Huge product rangeOver 140,000 books & equipment products
Rapid shippingUK & Worldwide
Pay in £, € or U.S.$By card, cheque, transfer, draft
Exceptional customer serviceGet specialist help and advice
Packed with up-to-date astronomical data about the Solar System, our Galaxy and the wider Universe, this is a one-stop reference for astronomers of all levels.
Patrick Moore's Data Book of Astronomy gives the names, positions, sizes and other key facts of all the planets and their satellites; discusses the Sun in depth, from sunspots to solar eclipses; lists the dates for cometary returns, close-approach asteroids, and significant meteor showers; and includes 88 star charts, with the names, positions, magnitudes and spectra of the stars, along with key data on nebulae and clusters.
1. The Solar System
2. The Sun
3. The Moon
8. The asteroid belt
13. Beyond Neptune: the Kuiper Belt
17. Glows and atmospheric effects
18. The stars
19. Stellar spectra and evolution
20. Extrasolar planets
21. Double stars
22. Variable stars
23. Stellar clusters
25. The Galaxy
26. The evolution of the Universe
27. The constellations
28. The star catalogue
29. Telescopes and observatories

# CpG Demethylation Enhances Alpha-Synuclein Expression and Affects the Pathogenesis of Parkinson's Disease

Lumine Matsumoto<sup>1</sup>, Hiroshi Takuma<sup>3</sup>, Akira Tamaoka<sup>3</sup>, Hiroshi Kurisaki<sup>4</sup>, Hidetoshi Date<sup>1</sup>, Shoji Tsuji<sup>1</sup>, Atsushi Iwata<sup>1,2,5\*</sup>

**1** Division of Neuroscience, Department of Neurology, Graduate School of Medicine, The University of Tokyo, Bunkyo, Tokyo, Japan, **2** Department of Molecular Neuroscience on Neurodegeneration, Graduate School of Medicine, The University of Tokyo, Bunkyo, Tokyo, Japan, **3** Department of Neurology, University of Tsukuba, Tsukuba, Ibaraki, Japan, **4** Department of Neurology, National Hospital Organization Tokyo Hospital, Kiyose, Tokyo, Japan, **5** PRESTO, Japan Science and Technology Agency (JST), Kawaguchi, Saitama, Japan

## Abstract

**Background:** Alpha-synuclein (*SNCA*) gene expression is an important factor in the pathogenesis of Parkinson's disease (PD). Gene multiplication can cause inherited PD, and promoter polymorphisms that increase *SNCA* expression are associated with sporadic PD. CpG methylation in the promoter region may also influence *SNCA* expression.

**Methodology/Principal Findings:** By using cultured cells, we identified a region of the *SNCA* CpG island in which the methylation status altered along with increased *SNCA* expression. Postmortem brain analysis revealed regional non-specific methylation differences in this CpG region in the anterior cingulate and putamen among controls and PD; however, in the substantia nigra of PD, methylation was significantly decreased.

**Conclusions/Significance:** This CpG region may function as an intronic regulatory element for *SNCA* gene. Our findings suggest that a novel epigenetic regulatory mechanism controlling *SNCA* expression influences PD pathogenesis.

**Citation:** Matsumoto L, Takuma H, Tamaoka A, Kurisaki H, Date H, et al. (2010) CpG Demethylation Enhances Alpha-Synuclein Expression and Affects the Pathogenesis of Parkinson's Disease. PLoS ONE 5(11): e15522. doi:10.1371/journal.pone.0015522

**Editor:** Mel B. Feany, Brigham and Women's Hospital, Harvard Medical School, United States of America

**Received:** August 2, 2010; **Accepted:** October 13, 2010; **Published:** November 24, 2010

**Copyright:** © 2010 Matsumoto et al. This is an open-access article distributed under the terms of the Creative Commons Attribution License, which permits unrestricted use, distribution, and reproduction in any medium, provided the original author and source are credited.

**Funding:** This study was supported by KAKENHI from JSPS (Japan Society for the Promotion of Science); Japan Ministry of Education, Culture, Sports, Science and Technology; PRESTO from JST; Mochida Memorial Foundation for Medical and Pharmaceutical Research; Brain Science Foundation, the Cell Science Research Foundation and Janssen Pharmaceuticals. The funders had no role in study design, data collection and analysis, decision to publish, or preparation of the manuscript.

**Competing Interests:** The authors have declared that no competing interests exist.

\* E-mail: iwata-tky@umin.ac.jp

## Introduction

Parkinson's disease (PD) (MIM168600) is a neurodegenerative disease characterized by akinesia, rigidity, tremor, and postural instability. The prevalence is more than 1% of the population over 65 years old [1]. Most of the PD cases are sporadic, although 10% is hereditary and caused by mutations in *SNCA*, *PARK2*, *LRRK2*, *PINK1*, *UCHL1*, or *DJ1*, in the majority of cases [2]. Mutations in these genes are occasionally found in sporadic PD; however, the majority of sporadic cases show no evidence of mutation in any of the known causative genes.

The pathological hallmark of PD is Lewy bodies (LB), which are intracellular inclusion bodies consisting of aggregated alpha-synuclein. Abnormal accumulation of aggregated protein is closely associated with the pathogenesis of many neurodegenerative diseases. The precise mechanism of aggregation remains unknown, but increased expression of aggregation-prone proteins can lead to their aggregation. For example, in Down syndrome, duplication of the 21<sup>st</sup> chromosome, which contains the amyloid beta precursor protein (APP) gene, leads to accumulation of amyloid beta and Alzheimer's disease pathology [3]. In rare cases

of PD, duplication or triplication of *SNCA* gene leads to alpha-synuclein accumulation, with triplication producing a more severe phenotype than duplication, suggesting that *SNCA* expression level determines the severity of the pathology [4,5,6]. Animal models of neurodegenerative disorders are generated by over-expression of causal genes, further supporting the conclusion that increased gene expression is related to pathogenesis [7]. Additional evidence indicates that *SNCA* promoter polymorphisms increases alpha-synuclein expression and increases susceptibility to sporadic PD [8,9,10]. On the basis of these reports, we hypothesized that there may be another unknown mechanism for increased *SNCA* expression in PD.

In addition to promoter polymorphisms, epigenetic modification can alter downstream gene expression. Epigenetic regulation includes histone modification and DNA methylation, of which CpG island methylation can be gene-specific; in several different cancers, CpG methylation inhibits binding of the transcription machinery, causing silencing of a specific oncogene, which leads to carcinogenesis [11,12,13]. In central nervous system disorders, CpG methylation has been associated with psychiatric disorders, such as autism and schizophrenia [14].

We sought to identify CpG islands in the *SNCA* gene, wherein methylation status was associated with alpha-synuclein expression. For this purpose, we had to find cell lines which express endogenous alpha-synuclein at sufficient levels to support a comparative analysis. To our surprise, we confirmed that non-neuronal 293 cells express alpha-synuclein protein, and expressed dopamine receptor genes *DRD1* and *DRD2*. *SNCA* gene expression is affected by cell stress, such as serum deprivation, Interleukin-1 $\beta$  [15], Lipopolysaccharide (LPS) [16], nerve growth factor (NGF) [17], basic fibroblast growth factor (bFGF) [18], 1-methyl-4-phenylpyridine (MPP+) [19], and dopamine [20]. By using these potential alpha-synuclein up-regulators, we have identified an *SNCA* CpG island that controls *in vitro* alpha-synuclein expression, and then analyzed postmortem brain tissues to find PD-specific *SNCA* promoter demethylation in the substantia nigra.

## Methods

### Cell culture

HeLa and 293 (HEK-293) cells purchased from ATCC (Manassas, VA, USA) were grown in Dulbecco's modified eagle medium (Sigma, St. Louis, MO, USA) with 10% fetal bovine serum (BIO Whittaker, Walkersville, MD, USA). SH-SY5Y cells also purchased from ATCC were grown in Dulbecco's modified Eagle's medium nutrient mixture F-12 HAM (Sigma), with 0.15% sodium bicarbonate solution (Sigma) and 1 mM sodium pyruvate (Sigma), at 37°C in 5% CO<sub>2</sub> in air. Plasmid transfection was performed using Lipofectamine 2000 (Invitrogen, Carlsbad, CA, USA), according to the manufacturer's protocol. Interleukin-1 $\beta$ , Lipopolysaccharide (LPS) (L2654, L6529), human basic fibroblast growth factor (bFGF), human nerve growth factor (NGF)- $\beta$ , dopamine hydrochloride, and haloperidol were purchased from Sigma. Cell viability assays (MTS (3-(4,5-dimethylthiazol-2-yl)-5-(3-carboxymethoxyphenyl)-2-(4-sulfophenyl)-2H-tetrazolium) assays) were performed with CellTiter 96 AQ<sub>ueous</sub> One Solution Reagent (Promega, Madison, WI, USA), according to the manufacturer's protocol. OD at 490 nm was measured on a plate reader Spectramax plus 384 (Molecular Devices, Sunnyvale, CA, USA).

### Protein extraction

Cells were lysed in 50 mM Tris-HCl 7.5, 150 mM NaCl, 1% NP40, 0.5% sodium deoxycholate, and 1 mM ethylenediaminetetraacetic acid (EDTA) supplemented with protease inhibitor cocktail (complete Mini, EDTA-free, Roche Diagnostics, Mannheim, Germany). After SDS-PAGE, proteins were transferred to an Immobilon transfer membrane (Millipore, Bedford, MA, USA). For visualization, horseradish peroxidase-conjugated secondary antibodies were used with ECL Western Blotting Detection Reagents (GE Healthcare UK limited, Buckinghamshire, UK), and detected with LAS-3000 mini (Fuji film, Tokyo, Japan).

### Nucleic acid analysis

30. Non-optical astronomy
31. The history of astronomy
Patrick Moore CBE, FRS, was an astronomer and author. He received numerous awards and prizes in recognition of his work, including a CBE in 1988 and knighthood in 2001 'for services to popularization of science and to broadcasting'. A former President of the British Astronomical Association, he was honorary Life Vice President, and was the only amateur ever to have held an official post at the International Astronomical Union.
Robin Rees, FRAS, is Director of Canopus Publishing and has produced a number of best-selling astronomy books, and under the Canopus Academic Publishing imprint he publishes academic physics titles.
"[...] will be an invaluable reference work for serious observers – but it is equally suitable for armchair browsers, and indeed for anyone who is curious about what lies beyond the Earth."
- Martin Rees, Professor of Cosmology and Astrophysics, University of Cambridge (from Foreword)